Your approach is nice in theory, but violates the principle that classes inheriting from each other should not - and should not have to - know anything about their base class other than the public interface.

    Makeshifts last the longest.

      That's exactly what i meant: You cannot subclass something unknown without using an inside-out object.

      --
      http://fruiture.de
Re^3: A different OO approach
by adrianh (Chancellor) on Dec 15, 2002 at 16:39 UTC
    What does that mean? What global scope shall these attributes have?

    You can get at the attributes of a class in it's sub-classes, for example:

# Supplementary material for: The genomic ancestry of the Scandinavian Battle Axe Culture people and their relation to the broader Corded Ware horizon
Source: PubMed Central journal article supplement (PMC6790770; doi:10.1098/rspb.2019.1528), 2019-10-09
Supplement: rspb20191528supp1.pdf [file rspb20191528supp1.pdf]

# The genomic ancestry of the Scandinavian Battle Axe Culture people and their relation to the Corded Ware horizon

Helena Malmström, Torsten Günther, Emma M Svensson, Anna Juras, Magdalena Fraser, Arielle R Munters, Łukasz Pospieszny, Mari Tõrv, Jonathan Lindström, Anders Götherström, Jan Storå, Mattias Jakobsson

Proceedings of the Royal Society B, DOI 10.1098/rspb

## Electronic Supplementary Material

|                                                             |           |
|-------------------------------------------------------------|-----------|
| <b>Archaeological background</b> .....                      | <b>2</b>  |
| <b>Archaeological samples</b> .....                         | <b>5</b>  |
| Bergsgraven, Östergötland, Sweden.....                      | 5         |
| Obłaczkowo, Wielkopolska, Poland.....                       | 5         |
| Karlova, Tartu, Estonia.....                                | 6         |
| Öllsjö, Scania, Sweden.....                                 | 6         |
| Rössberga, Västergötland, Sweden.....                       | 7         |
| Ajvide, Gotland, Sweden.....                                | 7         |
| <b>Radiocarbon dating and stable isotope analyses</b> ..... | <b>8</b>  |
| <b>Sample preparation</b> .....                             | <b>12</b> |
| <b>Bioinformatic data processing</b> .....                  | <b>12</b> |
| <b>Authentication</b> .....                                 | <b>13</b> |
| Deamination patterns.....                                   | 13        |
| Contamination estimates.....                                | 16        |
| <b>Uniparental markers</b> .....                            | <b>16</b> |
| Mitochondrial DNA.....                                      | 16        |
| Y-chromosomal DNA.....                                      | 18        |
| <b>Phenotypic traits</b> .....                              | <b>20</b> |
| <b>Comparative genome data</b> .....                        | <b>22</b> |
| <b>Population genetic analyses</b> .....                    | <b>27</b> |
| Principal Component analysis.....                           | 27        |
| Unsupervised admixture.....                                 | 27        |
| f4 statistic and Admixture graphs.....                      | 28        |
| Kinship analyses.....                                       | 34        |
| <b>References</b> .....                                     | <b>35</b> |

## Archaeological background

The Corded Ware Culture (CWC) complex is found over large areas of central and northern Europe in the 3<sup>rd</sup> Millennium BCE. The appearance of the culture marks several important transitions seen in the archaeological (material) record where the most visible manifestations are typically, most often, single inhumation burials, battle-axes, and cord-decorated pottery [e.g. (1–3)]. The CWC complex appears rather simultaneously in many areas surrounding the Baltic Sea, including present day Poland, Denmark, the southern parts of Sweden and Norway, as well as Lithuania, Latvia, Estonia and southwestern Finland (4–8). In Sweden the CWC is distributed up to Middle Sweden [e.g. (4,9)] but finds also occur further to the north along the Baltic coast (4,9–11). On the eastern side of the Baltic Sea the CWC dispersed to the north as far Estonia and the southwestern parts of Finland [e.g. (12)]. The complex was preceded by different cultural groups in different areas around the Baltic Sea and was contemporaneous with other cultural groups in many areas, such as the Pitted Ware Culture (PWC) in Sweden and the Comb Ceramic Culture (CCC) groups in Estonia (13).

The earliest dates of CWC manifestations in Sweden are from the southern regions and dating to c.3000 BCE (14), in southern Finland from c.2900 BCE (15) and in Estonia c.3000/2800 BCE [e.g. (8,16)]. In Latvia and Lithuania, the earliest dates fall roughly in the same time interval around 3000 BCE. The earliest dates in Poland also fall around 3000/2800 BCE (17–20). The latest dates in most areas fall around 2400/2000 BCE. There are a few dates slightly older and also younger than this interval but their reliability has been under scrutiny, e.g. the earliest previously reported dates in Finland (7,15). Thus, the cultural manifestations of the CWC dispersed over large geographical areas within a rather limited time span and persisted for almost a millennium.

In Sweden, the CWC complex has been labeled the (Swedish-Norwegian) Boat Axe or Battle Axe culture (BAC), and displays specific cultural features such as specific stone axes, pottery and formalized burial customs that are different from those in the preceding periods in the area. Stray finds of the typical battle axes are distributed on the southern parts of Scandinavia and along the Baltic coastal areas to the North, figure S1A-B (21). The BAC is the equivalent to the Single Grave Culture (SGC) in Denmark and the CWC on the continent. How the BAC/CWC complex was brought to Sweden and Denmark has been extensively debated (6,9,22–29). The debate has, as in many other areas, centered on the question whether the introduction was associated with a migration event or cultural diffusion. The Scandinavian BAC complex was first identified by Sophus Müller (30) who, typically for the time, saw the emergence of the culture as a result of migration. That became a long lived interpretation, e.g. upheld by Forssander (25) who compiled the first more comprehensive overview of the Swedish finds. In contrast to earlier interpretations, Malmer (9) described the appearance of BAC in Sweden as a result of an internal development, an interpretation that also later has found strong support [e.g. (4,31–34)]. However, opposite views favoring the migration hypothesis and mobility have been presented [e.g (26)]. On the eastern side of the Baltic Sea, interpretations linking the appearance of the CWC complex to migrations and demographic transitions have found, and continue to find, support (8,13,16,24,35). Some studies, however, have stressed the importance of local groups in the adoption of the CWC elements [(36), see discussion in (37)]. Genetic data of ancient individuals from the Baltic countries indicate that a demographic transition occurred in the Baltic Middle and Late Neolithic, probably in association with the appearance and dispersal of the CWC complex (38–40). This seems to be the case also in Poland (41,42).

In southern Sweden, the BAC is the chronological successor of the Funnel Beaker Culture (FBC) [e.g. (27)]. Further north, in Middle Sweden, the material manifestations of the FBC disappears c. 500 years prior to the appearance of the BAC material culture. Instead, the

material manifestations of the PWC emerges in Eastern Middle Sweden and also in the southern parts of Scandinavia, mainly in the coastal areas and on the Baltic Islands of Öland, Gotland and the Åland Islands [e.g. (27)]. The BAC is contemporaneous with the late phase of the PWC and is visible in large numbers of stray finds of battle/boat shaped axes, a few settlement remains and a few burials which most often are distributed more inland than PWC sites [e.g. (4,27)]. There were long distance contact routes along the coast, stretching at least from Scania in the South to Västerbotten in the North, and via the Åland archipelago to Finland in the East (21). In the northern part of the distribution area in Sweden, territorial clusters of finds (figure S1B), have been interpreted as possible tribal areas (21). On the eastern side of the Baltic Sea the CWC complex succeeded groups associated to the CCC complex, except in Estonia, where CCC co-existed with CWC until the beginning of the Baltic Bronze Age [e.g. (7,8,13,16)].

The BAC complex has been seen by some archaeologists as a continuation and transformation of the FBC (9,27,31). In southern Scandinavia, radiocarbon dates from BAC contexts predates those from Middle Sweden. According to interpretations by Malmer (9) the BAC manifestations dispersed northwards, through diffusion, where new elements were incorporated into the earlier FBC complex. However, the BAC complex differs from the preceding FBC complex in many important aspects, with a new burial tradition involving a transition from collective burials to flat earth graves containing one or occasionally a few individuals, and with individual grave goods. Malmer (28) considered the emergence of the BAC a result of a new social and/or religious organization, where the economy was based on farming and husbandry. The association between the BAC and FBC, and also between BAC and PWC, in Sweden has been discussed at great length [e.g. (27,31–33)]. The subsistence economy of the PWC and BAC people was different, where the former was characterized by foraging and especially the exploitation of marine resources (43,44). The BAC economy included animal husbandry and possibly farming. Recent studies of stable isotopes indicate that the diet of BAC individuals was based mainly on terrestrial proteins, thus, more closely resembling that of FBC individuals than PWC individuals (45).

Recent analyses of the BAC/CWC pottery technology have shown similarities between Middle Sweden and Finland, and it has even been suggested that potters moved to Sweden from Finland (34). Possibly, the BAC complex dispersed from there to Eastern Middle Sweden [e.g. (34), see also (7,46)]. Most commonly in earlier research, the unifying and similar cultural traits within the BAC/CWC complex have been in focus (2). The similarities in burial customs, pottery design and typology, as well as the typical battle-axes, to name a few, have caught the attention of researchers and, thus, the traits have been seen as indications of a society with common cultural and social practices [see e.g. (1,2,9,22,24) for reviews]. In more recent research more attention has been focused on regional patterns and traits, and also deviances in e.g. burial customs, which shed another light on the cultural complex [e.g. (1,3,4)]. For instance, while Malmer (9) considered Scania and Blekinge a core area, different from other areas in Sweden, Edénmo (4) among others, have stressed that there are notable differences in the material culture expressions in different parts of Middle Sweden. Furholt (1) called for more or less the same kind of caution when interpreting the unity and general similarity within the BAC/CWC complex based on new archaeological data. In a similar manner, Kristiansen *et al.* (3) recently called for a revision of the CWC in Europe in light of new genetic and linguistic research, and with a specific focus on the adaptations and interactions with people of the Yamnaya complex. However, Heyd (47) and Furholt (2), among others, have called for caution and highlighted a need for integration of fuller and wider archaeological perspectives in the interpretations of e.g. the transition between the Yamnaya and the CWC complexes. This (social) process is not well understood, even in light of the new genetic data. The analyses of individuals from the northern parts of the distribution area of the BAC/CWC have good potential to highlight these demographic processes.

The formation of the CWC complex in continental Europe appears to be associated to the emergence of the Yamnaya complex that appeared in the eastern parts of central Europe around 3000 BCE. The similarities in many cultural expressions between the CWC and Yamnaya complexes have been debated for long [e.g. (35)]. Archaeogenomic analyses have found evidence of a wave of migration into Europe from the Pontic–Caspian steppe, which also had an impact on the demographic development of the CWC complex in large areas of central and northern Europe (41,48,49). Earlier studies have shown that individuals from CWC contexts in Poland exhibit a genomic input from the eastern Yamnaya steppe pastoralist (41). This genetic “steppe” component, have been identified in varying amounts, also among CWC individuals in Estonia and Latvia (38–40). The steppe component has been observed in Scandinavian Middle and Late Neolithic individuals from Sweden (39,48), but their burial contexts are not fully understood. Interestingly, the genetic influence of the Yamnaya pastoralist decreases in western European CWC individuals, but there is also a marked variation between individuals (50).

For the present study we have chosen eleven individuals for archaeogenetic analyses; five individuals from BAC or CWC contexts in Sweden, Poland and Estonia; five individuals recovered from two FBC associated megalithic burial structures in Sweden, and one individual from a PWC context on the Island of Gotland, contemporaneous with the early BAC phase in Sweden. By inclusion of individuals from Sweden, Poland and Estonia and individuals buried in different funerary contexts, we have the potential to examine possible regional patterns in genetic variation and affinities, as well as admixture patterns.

package Inc; use base 'OO'; sub next { my $self = shift; my $next = $self->oo_get('inc'); $self->oo_set('inc', ++$next); return($next); }; package Inc2; use base qw(Inc); sub current { my $self = shift; $self->oo_get('inc', 'Inc'); };

    Some people consider being able to do this sort of thing bad. You cannot hide implementation details so you can change them without affecting other classes. With inside-out objects the hash can be lexically scoped to the class - so there is no way you can get at it from the super-class.

    { package Inc; my %Value = (); sub new { bless [], shift; }; sub next { ++$Value{+shift}; }; }; { package Inc2; # ... no way to get at %Value here ... };

    While you may not want this feature yourself, it is something that inside objects can do, that your implementation cannot.

    Typing $self->{fo} when you meant to type $self->{foo} won't give you a compile time error.